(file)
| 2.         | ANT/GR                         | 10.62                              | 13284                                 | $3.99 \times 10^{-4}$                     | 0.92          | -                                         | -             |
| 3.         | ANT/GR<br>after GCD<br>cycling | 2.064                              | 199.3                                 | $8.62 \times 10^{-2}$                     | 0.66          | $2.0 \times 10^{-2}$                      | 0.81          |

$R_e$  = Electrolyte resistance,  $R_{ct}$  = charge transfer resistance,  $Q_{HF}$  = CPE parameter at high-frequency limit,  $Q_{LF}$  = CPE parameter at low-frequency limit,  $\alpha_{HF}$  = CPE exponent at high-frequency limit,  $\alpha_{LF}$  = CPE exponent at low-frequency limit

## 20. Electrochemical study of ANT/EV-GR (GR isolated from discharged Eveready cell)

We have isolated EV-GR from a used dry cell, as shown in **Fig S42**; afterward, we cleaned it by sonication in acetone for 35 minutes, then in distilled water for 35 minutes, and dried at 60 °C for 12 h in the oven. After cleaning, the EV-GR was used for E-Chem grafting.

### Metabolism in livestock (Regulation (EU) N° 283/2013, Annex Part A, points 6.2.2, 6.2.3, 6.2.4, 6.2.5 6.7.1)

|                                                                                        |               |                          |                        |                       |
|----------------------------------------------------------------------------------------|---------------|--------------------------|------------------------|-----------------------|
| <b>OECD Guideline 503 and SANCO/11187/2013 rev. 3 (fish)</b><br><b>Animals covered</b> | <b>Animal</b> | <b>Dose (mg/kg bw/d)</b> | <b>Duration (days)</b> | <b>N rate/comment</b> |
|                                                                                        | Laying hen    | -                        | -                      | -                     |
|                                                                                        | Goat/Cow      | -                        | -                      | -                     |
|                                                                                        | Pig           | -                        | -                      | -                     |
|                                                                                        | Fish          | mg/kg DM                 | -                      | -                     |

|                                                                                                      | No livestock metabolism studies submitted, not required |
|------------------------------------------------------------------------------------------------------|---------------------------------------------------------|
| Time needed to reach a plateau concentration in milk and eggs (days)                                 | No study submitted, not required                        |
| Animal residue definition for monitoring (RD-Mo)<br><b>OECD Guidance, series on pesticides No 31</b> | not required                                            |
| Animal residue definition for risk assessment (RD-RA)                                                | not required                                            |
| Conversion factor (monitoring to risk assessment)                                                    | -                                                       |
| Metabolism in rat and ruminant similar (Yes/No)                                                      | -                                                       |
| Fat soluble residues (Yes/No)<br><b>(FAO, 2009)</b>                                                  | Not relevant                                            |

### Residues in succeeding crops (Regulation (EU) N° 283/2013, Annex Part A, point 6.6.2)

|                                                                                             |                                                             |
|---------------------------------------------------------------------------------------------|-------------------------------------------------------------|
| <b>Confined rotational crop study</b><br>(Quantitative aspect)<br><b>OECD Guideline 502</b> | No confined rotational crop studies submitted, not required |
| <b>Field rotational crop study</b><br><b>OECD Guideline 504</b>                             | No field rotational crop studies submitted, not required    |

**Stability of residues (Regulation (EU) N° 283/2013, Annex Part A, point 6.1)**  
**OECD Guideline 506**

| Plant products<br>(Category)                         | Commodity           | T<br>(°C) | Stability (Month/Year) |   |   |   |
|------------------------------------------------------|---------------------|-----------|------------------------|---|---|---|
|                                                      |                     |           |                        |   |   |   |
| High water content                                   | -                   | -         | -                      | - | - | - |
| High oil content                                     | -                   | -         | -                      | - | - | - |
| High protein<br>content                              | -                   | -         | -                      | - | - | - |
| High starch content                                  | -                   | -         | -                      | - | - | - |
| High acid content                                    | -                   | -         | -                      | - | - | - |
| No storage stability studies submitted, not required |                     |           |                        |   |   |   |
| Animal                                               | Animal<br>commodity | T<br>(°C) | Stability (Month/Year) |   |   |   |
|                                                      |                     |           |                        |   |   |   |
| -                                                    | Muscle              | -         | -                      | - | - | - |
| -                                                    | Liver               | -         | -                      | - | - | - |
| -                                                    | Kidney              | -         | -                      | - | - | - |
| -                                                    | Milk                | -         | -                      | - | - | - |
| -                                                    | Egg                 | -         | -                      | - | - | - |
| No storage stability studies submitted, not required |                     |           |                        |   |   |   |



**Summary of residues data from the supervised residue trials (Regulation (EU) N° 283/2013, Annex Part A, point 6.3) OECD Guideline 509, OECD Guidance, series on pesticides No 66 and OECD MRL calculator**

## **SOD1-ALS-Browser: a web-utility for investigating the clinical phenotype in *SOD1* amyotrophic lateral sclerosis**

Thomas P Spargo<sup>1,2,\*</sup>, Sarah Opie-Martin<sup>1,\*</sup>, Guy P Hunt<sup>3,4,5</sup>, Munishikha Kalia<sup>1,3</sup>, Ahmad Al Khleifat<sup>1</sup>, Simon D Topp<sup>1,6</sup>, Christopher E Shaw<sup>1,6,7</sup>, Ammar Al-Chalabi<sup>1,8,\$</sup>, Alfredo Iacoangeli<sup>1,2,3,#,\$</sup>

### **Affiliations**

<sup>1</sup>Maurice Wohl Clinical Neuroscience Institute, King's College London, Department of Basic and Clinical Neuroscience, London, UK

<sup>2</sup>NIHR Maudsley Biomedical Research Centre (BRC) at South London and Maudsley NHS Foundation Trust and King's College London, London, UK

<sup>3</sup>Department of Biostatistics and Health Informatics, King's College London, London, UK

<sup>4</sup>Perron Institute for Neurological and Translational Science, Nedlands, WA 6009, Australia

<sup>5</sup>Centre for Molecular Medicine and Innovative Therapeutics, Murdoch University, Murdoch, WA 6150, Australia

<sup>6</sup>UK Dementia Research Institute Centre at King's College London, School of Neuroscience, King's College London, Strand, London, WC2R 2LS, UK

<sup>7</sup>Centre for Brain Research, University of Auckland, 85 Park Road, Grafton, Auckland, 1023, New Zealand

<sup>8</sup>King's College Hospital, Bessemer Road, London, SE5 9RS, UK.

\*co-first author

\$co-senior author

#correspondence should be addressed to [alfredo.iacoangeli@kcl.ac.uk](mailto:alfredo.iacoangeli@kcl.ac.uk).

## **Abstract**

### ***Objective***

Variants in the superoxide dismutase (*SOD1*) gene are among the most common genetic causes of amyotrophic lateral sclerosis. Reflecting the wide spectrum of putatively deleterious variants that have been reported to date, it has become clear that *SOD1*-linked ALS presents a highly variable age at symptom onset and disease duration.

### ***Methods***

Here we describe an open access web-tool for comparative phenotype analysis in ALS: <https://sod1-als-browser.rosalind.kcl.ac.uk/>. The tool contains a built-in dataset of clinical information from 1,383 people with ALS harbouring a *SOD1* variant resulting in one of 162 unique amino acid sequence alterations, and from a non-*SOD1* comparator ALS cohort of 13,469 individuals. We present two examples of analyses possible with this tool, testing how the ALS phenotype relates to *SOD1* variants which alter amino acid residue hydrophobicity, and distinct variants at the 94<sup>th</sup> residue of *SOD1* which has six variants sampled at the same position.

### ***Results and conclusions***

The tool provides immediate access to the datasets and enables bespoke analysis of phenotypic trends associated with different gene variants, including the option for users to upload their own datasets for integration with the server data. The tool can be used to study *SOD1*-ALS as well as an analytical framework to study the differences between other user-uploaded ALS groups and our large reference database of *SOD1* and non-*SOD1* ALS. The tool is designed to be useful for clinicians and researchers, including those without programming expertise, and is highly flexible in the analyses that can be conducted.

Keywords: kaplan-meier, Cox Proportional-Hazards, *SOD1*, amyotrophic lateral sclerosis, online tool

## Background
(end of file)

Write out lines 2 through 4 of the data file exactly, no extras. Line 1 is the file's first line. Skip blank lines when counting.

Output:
| 3.         | ANT/GR<br>after GCD<br>cycling | 2.064                              | 199.3                                 | $8.62 \times 10^{-2}$                     | 0.66          | $2.0 \times 10^{-2}$                      | 0.81          |

$R_e$  = Electrolyte resistance,  $R_{ct}$  = charge transfer resistance,  $Q_{HF}$  = CPE parameter at high-frequency limit,  $Q_{LF}$  = CPE parameter at low-frequency limit,  $\alpha_{HF}$  = CPE exponent at high-frequency limit,  $\alpha_{LF}$  = CPE exponent at low-frequency limit

## 20. Electrochemical study of ANT/EV-GR (GR isolated from discharged Eveready cell)